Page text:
Peter Power | Photography Simplified by Creative Choices

Photography Simplified by Creative Choices

February 18, 2018  •  Leave a Comment

There is one practice you can adopt that can dramatically change quality and consistency of your images. But if you think there is an easy solution to all of your photography woes then you are mistaken. Photography’s magic bullet simply doesn’t exist.

Your mind’s eye

The one key element that makes or breaks a photograph is the photographer’s ability to decide what your final image will look like before ever bringing the camera to your eye. This ability to “see” an image and its importance to successful image making cannot be understated. Once you understand what it is you want to accomplish with the camera the rest becomes mechanics. You must decide what is in front of you that you want to capture and how you can best use the tools available to you. You must make this decision and commit to it.

The manipulation of the tools of photography, the craft if you will, is what most people are able to learn. But the creative aspect remains heavily dependant on the eye of the photographer. Some say that you either have an eye for a photograph, or you do not. The photographers whose work stands out certainly have a unique eye - a unique way of seeing the world - that differentiates them from the masses. But if you are able to master the tools of photography to match what you see in your mind’s eye you will have made great progress toward a dramatic improvement in your own images.

Children play on an Innu swing, a Ueuepeshun, at an Innu camp on the western shores of Mistastin Lake, in the interior of northern Labrador on Sept. 21, 2014. Community leaders from Natuashish have come to these traditional Innu hunting grounds to help some of their young men and boys discover some of their culture and form better community bonds. The hope is that fewer of them will follow a path of substance abuse that has plagued these communities for many years.

Today’s cameras can be quite intimidating and do not easily inspire confidence in a struggling learner. The seemingly endless amount of features to choose from all need to be understood and navigated in order to make the best use of all the cameras have to offer. But, if your goal is to make great, thoughtful, inspiring images, you might consider simplifying your process. This simplification begins with knowing what you want and then using the tools available to make it happen.

I encourage my students to resist being intimidated by the plethora of dials and buttons and to reduce the necessary adjustments for their photography to a bare minimum. In practice there are only a few adjustments that one needs to concentrate on, and these become even more simple once you understand their relationship to one another and how they will impact your final image.

Basic exposure involves the choice of shutter speed, aperture and ISO - the exposure triangle. Add on an understanding of how focal length, focus point selection, and composition impact an image, and you have the makings of good photographs. There is no avoiding having to learn the relationship of the elements in the exposure triangle. A reliance upon an automatic camera mode may result in some pleasing images but will not necessarily give you the images you had in mind.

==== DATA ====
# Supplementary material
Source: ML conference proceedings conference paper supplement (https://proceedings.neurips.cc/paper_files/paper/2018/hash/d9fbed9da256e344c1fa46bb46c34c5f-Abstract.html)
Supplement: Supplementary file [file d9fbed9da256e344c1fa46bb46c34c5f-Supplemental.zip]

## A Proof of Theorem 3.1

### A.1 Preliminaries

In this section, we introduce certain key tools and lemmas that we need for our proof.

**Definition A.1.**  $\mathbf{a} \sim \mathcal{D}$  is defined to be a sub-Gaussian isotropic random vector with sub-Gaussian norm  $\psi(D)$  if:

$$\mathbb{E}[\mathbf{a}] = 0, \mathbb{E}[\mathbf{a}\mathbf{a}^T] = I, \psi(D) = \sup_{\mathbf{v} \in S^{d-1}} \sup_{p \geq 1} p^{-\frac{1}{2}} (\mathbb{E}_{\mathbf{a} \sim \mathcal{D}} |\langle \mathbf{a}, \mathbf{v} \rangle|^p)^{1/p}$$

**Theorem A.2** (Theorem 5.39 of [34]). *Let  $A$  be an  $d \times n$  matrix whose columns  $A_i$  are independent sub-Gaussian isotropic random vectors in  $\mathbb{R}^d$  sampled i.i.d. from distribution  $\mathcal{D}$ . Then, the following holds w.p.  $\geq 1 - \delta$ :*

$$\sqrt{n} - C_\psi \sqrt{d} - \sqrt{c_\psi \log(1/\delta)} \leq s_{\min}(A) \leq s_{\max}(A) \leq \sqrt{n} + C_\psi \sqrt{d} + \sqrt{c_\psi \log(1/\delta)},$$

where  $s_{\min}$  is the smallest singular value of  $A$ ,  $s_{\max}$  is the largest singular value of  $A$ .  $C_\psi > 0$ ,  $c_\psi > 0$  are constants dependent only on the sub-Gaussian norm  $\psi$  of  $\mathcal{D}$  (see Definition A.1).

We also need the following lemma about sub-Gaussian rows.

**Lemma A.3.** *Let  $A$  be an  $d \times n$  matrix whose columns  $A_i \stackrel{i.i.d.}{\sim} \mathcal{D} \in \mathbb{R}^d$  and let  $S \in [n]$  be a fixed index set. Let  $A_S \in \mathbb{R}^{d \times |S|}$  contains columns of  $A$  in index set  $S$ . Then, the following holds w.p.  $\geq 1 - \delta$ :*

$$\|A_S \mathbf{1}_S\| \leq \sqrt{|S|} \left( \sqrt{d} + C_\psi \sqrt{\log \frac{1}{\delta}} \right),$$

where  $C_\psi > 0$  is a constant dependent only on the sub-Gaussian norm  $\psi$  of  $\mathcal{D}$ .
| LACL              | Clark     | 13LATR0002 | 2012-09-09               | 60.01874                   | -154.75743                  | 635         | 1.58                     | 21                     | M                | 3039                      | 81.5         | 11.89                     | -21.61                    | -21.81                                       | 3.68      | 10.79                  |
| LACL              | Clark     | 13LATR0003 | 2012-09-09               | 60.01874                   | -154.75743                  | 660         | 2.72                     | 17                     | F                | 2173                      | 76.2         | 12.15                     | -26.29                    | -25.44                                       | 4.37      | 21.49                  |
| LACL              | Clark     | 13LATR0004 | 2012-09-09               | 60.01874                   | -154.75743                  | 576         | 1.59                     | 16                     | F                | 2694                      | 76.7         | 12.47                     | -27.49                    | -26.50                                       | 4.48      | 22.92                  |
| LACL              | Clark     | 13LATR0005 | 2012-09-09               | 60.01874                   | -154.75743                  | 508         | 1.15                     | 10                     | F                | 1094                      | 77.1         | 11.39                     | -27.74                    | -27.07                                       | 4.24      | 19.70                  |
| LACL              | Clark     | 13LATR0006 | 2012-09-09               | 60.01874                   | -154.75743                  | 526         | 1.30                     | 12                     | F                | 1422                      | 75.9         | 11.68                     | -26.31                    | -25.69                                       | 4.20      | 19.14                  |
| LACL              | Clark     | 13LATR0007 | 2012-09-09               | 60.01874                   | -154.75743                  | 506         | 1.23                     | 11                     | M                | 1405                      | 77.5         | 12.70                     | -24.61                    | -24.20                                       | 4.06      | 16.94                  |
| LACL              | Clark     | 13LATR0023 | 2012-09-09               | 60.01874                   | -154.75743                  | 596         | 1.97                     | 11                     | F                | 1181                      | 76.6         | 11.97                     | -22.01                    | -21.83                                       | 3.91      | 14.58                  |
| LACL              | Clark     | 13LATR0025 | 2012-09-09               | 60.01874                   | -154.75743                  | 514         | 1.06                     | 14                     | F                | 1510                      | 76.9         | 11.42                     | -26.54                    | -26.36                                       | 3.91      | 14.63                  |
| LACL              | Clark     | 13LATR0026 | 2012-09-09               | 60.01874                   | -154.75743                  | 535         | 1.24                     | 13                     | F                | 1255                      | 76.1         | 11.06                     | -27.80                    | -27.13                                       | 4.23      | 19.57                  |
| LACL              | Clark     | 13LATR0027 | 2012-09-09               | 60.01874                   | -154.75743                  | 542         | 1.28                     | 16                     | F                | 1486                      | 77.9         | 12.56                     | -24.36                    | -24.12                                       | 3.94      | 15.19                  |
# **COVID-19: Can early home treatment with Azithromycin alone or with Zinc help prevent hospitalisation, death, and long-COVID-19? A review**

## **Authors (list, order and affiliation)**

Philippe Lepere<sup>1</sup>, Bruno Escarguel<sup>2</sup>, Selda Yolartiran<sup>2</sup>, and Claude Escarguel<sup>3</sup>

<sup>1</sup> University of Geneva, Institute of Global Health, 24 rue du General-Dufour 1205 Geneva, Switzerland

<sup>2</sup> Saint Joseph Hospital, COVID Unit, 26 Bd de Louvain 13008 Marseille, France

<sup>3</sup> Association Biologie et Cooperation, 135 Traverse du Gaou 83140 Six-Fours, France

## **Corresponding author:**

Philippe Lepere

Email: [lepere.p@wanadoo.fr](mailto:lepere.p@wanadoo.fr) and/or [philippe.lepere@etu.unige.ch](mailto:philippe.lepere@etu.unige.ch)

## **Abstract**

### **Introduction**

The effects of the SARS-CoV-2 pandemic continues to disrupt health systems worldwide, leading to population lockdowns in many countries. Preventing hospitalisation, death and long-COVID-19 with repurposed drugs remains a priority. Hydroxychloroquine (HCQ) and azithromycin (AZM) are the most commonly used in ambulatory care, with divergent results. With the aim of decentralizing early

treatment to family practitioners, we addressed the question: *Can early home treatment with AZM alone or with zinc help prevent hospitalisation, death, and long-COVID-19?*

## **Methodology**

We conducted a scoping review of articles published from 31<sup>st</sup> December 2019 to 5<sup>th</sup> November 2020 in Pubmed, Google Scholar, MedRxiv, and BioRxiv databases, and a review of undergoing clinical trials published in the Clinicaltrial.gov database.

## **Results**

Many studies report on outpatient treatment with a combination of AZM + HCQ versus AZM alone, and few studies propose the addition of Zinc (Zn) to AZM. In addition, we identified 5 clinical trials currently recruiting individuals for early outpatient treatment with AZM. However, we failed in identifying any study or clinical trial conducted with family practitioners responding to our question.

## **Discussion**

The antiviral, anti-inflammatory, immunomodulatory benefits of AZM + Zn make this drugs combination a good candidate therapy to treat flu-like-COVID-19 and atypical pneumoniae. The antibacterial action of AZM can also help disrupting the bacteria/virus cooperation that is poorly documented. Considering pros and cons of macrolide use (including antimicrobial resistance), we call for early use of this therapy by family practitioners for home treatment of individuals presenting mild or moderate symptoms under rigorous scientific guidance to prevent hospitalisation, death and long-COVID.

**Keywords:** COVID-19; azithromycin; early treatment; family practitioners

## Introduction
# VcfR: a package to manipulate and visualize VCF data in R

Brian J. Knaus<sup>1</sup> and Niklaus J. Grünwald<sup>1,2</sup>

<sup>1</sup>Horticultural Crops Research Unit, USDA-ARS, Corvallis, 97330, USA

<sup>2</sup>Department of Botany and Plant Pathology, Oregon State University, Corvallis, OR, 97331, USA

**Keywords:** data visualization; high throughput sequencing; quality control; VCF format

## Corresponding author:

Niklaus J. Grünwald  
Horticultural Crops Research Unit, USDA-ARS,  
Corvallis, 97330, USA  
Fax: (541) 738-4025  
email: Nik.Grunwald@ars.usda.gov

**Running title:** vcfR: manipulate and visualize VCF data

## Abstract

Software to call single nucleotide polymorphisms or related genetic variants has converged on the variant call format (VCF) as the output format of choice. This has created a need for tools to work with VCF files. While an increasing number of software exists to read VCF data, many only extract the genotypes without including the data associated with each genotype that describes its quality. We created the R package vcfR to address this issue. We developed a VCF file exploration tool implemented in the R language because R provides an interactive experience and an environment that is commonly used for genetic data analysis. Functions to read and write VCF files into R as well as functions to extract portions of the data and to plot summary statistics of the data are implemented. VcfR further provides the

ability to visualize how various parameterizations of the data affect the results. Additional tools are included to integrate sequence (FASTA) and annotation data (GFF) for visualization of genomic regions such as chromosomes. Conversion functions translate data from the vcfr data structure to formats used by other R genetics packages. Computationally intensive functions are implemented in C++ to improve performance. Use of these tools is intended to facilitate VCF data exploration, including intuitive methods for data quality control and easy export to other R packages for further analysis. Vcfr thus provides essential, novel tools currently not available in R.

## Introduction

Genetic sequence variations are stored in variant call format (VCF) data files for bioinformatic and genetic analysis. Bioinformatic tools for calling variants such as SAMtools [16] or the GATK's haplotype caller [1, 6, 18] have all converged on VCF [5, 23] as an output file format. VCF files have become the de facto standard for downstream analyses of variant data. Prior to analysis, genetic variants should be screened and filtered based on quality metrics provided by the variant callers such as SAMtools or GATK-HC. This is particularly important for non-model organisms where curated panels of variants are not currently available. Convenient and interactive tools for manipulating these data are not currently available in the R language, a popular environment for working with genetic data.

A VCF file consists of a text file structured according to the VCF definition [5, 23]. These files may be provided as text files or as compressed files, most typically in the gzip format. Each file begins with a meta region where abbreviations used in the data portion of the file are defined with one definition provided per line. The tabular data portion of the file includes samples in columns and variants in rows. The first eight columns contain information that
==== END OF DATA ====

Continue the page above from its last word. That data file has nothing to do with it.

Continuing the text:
Shoot in manual mode

You must take control to make the most of your creativity to get the images you envision. This means working in manual mode. With a clear goal for your final image(s) you can then prioritize your settings and check them off one by one starting with the setting that will have the most impact on the final image. Doing so will reducing the confusing exposure triangle to a single variable that you adjust for the best exposure.

If shallow depth of field is your goal, for a portrait for example, you would choose the lowest ISO possible for the situation and set your lens aperture to the widest available. The final setting to adjust will be the shutter speed. This process can be repeated if you understand what the various camera settings will do for you and you make decisions to make your image a certain way. Once the creative decision is made and you know which variable will most impact it the other variables became secondary.

It can be a frustrating process trying to figure out how to get the images you want. There will be times you are pleased with your results but more often than not you may find yourself scratching your head and asking why your images did not meet your expectations. Professionals and skilled photography enthusiasts make the creation of memorable images look far easier than it really is. Try not to compare your photography to the works of those you admire, but rather use their images as inspiration for your own vision.

Do your homework to equip yourself with the basic technical know-how. Once you understand how creativity is impacted by your choices you will be free to make decisions and see pleasing results more often.


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